1. #Asian stock markets
2. #Wall Street record heights
3. #Hong Kong benchmark
4. #Nikkei 225 index
5. #Hang Seng index
6. #Shanghai Composite index
7. #China loan prime rate
8. #South Korea Kospi
9. #Australia S&P/ASX 200
10. #Treasury yields
11. #Fed rate cuts
12. #Technology stocks
13. #Chip companies
14. #Energy trading
15. #U.S. crude price
16. #Brent crude price
17. #U.S. dollar exchange rate
18. #Euro exchange rate
19. #Bank of Japan policy meeting
20. #People’s Bank of China medium-term lending facility rate

Asian Markets Show Mixed Performance

Stocks across Asian markets showed mixed performance on Monday following a record-setting day for Wall Street. While Tokyo’s Nikkei 225 index gained 1.7%, Hong Kong’s benchmark dropped nearly 3%, hovering near a 15-month low. The Hang Seng has notably shrunk more than 10% this year, its worst start to a year since 2016. In China, the Shanghai Composite index was down 2.5%, with commercial banks keeping their loan prime rate unchanged amid downward pressure on the yuan.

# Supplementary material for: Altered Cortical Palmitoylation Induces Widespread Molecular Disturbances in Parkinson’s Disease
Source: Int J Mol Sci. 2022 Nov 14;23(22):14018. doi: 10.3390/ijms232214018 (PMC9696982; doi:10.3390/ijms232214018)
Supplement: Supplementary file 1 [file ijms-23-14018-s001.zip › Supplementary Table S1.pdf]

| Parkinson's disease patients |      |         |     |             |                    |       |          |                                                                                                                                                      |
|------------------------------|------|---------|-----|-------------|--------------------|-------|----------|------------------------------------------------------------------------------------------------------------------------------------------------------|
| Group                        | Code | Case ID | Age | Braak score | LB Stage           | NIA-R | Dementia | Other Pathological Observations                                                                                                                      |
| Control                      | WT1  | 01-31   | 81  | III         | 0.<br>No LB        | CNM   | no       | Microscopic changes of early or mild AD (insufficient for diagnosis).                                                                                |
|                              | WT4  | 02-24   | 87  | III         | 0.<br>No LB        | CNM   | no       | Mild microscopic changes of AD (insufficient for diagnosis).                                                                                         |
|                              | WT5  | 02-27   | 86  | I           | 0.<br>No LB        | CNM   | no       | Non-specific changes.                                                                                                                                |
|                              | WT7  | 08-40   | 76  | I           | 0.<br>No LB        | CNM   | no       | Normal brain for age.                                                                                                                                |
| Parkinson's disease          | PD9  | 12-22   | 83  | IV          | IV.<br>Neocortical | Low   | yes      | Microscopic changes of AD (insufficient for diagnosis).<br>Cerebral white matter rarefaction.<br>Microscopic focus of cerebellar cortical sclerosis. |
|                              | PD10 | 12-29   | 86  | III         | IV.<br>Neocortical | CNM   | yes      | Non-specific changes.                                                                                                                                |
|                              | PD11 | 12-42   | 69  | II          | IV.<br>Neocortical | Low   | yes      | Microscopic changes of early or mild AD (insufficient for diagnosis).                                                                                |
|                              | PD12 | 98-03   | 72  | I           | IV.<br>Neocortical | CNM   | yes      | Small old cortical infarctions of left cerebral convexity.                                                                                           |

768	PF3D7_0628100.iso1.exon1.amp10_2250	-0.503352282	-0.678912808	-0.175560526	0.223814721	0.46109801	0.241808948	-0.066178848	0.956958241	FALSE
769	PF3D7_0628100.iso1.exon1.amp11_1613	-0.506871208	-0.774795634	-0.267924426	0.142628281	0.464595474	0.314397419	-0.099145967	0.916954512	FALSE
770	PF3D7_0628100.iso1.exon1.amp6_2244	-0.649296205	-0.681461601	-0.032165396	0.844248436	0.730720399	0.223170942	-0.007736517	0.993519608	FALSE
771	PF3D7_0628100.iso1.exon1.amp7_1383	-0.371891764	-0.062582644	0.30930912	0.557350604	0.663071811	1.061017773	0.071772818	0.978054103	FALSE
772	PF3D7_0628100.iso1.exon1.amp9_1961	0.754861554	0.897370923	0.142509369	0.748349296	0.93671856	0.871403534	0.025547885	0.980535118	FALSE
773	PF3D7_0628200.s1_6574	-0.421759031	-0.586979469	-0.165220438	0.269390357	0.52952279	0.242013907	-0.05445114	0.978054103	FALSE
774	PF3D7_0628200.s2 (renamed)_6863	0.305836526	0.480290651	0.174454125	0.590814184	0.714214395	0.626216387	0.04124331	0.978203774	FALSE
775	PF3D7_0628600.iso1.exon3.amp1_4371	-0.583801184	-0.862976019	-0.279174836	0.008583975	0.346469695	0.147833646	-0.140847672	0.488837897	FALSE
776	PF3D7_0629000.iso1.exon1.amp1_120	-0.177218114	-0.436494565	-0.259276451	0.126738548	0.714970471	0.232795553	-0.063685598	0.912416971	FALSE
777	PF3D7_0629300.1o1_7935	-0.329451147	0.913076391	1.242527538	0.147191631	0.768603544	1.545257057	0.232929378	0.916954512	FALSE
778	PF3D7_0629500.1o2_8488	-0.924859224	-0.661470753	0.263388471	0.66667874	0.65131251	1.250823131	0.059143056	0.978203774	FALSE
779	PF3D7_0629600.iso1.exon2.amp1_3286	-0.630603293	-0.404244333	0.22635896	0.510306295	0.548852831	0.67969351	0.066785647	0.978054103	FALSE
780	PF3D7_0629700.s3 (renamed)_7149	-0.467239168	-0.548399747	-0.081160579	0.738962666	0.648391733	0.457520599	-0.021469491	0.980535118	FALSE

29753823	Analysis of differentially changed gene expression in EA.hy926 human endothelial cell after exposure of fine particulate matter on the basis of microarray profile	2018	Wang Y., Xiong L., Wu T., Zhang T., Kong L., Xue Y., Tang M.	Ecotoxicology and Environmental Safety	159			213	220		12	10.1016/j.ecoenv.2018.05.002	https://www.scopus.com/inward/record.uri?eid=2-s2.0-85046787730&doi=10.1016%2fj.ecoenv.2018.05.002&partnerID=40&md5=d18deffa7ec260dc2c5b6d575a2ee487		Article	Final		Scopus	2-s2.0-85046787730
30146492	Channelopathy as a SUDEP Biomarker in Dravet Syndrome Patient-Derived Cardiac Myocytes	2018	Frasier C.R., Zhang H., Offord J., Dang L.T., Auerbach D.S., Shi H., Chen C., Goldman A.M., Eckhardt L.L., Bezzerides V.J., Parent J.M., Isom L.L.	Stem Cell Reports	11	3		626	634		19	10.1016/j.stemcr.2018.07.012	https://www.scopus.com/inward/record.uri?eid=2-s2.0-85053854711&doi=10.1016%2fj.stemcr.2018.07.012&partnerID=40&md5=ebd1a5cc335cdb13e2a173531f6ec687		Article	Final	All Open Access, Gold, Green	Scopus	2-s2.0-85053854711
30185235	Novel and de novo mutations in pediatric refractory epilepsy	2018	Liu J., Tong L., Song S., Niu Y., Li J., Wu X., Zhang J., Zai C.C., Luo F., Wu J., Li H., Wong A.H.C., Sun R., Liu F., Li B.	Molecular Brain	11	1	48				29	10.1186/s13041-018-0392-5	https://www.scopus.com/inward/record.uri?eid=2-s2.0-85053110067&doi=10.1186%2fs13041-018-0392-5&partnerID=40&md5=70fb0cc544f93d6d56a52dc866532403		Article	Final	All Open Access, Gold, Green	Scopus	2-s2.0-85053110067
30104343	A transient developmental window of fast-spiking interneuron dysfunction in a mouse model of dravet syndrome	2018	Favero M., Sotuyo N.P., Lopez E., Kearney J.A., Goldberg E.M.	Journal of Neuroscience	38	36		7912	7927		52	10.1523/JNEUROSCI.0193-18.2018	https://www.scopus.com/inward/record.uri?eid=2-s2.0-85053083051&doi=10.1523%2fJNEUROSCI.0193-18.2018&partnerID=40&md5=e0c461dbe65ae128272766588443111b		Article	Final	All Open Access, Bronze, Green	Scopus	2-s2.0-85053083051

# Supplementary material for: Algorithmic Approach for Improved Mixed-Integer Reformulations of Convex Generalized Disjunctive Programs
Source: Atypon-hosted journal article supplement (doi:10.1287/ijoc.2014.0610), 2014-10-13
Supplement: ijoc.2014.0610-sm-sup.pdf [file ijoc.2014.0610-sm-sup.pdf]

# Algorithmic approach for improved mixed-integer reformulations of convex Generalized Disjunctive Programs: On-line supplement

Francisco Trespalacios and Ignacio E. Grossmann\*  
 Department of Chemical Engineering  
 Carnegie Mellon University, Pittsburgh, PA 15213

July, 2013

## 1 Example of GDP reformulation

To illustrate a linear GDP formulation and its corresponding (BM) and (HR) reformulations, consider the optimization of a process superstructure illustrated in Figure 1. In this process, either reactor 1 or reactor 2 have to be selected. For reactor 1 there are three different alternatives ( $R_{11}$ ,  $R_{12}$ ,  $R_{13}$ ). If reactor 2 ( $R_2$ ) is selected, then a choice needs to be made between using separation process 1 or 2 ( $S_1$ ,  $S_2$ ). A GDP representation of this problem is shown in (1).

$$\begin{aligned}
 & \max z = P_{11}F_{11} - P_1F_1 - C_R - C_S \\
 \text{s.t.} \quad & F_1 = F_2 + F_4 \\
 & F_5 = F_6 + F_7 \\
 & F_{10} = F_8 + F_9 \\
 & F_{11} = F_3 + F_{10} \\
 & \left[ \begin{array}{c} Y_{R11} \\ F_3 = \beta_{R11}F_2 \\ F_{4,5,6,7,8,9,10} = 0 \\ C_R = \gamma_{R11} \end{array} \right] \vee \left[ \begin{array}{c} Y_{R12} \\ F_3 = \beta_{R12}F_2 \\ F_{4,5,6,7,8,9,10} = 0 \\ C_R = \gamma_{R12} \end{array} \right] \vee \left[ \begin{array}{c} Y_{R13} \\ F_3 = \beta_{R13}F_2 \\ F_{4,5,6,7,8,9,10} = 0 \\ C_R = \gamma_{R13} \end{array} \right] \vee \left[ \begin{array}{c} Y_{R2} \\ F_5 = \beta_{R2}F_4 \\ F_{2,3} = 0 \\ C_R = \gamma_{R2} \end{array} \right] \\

In the U.S., the S&P 500 and Dow Jones Industrial Average set new records, driven in part by hopes for rate cuts as U.S. inflation remained tame. Treasury yields have relaxed significantly on expectations for rate cuts, and the Fed has hinted that rate cuts are coming. However, some officials have indicated they may begin later than the market is hoping for.

Overall, the mixed performance in Asian markets reflects ongoing uncertainty around economic stimulus measures and interest rate changes.

Summery :

– Asian markets were mixed, with Hong Kong’s benchmark dropping nearly 3%
– U.S. futures climbed while oil prices dropped
– The Bank of Japan was expected to keep ultra-low interest rates unchanged
– China’s commercial banks kept their loan prime rate unchanged, disappointing investors
– Friday’s rally for Wall Street was driven by hopes for rate cuts, technology stocks, and chip companies rising for a second straight day
– In energy trading, benchmark U.S. crude gave up 31 cents to $72.94 a barrel, while Brent crude lost 35 cents to $78.21 a barrel

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